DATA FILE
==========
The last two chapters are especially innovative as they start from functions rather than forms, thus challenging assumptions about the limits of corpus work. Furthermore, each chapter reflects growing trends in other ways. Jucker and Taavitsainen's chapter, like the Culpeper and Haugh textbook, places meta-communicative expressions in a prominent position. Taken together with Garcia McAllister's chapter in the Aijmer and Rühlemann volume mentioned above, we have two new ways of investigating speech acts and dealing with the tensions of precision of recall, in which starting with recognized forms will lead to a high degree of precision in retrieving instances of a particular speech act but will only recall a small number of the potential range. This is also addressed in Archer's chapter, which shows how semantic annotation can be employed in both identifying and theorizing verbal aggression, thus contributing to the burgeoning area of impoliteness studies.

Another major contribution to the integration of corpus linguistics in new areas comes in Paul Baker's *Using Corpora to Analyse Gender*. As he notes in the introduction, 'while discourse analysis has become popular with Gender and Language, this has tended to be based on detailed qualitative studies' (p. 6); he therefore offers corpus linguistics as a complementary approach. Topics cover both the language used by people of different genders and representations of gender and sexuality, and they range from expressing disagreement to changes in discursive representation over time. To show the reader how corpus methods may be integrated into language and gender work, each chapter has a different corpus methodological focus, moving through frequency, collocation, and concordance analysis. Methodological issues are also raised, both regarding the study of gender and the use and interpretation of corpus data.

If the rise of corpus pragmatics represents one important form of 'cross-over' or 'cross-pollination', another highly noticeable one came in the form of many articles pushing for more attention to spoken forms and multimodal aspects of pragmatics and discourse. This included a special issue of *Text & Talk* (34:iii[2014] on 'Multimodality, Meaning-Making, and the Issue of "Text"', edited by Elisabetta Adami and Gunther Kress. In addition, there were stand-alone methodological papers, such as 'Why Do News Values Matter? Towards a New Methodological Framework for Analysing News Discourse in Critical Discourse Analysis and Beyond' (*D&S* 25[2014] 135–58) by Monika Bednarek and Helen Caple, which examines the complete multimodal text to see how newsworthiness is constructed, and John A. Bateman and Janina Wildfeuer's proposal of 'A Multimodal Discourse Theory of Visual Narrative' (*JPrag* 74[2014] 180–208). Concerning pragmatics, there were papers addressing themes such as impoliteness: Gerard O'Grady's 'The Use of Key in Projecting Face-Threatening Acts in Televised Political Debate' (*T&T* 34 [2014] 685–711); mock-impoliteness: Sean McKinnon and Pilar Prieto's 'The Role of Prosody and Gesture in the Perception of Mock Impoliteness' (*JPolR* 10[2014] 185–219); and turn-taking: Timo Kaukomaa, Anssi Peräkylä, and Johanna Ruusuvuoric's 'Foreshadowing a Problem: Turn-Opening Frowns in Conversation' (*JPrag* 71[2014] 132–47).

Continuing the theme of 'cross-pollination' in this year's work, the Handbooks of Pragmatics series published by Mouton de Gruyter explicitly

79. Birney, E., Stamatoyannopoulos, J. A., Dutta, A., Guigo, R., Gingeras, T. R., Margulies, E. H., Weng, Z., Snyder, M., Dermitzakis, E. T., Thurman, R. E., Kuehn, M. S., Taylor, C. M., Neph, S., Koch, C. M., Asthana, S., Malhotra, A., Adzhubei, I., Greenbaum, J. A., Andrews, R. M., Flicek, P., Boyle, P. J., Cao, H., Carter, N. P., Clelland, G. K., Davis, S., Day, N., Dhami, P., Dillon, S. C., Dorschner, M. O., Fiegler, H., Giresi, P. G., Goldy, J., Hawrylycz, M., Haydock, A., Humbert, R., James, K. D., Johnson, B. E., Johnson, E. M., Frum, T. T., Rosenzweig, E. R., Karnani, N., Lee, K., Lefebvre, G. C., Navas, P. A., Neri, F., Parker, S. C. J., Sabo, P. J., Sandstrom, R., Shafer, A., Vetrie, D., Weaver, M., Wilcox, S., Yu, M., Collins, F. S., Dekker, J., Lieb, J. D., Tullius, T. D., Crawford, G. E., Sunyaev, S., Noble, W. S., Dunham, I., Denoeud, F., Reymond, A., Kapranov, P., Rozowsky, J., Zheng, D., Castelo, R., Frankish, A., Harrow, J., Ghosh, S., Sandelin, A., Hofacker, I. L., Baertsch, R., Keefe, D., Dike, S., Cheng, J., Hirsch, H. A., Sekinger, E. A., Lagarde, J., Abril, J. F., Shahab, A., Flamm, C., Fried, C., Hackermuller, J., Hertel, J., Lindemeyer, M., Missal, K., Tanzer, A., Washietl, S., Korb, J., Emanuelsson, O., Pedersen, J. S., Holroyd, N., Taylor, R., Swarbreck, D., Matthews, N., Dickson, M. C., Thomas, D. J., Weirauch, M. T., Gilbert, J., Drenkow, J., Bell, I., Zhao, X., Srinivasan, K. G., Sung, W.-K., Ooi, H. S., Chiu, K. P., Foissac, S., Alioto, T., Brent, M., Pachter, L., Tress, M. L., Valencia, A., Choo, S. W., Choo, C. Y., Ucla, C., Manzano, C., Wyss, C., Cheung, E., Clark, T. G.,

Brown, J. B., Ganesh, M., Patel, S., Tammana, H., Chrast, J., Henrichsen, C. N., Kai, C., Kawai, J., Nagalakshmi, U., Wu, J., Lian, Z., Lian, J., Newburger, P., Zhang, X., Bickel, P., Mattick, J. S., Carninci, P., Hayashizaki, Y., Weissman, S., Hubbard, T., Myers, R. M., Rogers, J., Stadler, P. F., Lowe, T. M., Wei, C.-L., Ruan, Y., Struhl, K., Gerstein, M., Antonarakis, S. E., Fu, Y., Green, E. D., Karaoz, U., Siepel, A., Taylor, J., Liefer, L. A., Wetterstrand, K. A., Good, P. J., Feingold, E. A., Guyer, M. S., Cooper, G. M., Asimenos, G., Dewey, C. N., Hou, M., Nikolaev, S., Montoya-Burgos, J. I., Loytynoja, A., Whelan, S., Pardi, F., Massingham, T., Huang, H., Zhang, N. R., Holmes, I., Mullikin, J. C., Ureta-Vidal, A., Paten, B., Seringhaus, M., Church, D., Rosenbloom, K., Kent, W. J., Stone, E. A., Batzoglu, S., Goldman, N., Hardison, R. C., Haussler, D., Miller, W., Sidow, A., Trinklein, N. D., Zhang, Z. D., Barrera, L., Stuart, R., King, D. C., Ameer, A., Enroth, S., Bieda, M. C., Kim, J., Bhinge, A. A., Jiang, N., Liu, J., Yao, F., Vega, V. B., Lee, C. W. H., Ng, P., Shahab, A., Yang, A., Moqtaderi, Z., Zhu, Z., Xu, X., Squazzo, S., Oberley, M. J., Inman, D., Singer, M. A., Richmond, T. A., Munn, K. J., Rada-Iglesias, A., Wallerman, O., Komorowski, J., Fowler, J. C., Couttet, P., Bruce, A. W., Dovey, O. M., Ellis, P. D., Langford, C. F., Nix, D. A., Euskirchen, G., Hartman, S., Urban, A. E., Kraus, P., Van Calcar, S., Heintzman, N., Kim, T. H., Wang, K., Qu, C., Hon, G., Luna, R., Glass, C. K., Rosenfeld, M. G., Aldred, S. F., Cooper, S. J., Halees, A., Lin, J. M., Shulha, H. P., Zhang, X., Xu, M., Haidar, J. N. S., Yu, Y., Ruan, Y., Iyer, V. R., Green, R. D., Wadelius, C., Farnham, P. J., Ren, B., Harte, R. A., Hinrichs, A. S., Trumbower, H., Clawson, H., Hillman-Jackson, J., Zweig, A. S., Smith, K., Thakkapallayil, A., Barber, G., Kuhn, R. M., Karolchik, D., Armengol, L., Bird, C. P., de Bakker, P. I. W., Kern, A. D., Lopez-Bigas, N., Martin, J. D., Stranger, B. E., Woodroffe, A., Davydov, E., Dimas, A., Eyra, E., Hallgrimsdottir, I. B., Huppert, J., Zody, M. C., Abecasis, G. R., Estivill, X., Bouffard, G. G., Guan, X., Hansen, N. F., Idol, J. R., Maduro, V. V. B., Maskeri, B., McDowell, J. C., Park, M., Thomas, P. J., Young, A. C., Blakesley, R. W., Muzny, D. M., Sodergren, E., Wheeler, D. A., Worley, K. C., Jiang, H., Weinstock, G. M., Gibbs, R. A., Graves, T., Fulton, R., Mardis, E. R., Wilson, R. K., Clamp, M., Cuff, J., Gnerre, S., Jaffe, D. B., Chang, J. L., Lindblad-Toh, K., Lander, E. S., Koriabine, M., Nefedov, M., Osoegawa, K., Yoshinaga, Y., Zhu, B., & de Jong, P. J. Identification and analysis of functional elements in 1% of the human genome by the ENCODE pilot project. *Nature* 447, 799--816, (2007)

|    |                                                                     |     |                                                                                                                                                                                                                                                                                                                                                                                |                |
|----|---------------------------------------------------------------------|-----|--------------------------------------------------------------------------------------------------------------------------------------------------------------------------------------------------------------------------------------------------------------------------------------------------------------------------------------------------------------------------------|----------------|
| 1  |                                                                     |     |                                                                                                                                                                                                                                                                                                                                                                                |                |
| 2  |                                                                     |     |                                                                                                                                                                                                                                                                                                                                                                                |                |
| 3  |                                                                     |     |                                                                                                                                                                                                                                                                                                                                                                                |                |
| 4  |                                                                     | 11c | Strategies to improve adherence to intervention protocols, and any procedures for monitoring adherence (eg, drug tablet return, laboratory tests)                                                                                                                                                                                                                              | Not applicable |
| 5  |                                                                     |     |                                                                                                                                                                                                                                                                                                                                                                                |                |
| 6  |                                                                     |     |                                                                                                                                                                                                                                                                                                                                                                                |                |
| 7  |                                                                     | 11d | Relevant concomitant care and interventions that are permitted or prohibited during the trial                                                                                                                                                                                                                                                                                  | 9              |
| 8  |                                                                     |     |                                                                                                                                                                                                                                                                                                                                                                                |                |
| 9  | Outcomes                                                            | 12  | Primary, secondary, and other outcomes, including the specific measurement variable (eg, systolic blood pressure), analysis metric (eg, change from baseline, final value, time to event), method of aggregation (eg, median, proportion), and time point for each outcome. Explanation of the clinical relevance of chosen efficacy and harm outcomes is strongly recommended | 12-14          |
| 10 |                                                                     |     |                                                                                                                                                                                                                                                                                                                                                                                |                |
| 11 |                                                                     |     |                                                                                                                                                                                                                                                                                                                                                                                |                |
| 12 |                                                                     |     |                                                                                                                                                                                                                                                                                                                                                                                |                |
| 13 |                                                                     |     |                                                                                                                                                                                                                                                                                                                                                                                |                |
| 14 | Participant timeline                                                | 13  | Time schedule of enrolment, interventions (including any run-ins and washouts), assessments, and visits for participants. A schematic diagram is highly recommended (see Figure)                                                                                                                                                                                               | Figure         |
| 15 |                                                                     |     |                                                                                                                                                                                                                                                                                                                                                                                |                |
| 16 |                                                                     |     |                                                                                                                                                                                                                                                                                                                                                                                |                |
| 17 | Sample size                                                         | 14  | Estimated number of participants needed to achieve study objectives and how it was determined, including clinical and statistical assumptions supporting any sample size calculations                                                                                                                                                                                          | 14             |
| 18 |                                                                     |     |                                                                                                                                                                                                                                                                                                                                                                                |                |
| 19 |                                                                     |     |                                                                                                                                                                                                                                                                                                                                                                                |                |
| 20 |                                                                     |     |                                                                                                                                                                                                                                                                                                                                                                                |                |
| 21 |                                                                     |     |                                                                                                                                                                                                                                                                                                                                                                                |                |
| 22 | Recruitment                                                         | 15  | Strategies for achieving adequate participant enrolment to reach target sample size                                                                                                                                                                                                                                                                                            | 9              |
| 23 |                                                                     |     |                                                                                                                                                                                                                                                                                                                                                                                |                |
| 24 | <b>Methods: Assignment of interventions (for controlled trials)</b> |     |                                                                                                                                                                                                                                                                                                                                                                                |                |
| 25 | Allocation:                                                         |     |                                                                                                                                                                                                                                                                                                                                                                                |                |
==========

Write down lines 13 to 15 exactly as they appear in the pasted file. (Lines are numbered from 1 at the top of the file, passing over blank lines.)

| 5  |                                                                     |     |                                                                                                                                                                                                                                                                                                                                                                                |                |
| 6  |                                                                     |     |                                                                                                                                                                                                                                                                                                                                                                                |                |
| 7  |                                                                     | 11d | Relevant concomitant care and interventions that are permitted or prohibited during the trial                                                                                                                                                                                                                                                                                  | 9              |